Is There a Legal Action That Can Actually Prevent Divorce?
Postnups are an underused tool to save marriages
Posted September 5, 2011
Cora and John had been married for nine years and had no children. One night, they had a terrible argument over a financial issue that had been brewing for some time. John threw around the "D" word like it was nothing, They had never gone to the level of animosity before.
Cora felt emotionally drained. But more than that, she felt sad, scared, and scarred. John had never even suggested that they get a divorce, let alone rant repeatedly about it. And divorce had certainly never been on her radar screen.
Feeling vulnerable, the following week, Cora decided that she needed to get some legal advice in the event that John did want to move ahead with a split.
She told the attorney that, while she had no intention of divorcing if she could avoid it, she wanted to get information and "protect" herself by understanding what divorce entailed. The attorney explained many of the ins and outs of marital dissolution and he even ran some numbers for her of what the dividing up of assets and debts might look like.
The harsh reality of what a break up would do to them was nothing short of shocking to her and she felt that, if John knew this information, he might think twice about using it as a threat. He stood to have to pay her a substantial amount in spousal support.
As she and the attorney continued to talk, the attorney mentioned a couple of alternatives to divorce - one was legal separation, which would mean that they could remain married but that their financial lives would no longer be entwined, and the other was to get a postnuptial agreement which would provide the terms and conditions of the marriage going forward. It could also serve as the basis of their negotiation should they end up getting divorced. As the attorney explained, a postnup is the same type of agreement as a prenup but the couple is already married (thus, it's called a "post-nuptial" agreement).
The lightbulb went off for Cora. She realized that a post-nuptial agreement would enable her to feel less vulnerable to John in a couple of ways. First of all, he would know the financial repercussions of his decision and it might make him think twice about it and secondly, they would have the foundation for the divorce settlement in the event that it did occur. There would be no surprises.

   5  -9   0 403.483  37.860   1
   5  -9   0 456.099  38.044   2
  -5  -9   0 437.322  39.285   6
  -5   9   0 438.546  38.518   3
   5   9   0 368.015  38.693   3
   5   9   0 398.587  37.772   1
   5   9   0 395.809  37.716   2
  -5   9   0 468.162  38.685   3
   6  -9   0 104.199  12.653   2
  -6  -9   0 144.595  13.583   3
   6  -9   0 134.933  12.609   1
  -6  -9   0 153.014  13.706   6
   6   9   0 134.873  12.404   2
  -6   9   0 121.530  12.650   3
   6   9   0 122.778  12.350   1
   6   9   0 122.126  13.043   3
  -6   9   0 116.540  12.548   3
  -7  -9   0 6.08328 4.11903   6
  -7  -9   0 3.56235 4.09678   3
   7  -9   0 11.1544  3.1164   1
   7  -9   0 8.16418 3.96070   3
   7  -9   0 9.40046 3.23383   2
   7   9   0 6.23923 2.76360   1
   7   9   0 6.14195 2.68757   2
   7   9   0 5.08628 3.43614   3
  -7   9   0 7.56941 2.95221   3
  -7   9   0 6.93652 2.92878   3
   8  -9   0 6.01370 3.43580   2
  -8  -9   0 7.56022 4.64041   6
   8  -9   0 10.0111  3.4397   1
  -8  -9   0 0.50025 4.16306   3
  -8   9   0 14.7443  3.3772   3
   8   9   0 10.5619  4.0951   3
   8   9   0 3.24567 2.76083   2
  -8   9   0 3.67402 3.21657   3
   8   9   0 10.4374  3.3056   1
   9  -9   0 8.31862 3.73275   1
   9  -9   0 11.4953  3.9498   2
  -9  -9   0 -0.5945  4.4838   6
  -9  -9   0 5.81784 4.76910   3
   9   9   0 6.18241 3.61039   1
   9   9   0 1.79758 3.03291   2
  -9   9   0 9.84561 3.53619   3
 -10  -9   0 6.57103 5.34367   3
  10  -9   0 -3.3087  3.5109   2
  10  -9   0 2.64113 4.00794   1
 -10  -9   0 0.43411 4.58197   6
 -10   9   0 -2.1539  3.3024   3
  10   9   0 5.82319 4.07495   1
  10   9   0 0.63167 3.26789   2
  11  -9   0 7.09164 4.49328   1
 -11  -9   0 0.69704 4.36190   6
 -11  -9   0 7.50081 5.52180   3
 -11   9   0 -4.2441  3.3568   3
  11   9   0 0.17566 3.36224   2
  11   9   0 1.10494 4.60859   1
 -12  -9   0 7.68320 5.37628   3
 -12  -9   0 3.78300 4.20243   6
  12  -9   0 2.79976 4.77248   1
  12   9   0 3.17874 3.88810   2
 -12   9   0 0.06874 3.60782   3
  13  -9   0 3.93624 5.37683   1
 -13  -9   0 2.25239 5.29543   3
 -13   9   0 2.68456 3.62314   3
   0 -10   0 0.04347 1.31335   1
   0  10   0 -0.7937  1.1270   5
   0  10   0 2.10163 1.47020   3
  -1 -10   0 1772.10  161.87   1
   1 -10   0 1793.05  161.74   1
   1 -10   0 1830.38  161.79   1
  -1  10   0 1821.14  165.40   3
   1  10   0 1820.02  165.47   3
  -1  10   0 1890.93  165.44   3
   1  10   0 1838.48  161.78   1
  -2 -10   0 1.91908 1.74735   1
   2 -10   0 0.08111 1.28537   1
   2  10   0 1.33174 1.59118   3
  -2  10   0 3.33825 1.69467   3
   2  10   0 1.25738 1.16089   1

When she presented the idea to John, he was initially reluctant to participate - given that he threatened divorce in the heat of anger and didn't really mean it - but he eventually offered his own terms and the two negotiated an agreement that was acceptable to both.
A tremendous advantage of getting a postnup is that the couple can gain an understanding of the legal system that they would only have in hindsight if they had divorced. And it can truly resolve a couple's issues regarding disagreements about assets and debts.
One woman who heard about this option after she'd been divorced for two years, became quite sad. She said that, had she known about this option when she was with her husband, it could have saved her marriage.
She resented her husband for not "pulling his weight" financially in the marriage. In her divorce, the court ordered her to give her ex a rather large lump sum which further added insult to injury of him getting what she felt was a "free ride."
Aside from money, a post nup can be used to resolve disputes regarding parenting, child custody, and affairs. For example, spouses might agree to share in the profits of a particular investment but if one or the other has an affair, they forfeit their interest in that asset.
For more information about post nuptial agreements, see the following CNN story:
No part of this publication may be reproduced without the express written permission of the author. Failure to comply with these terms may expose you to legal action and damages for copyright infringement.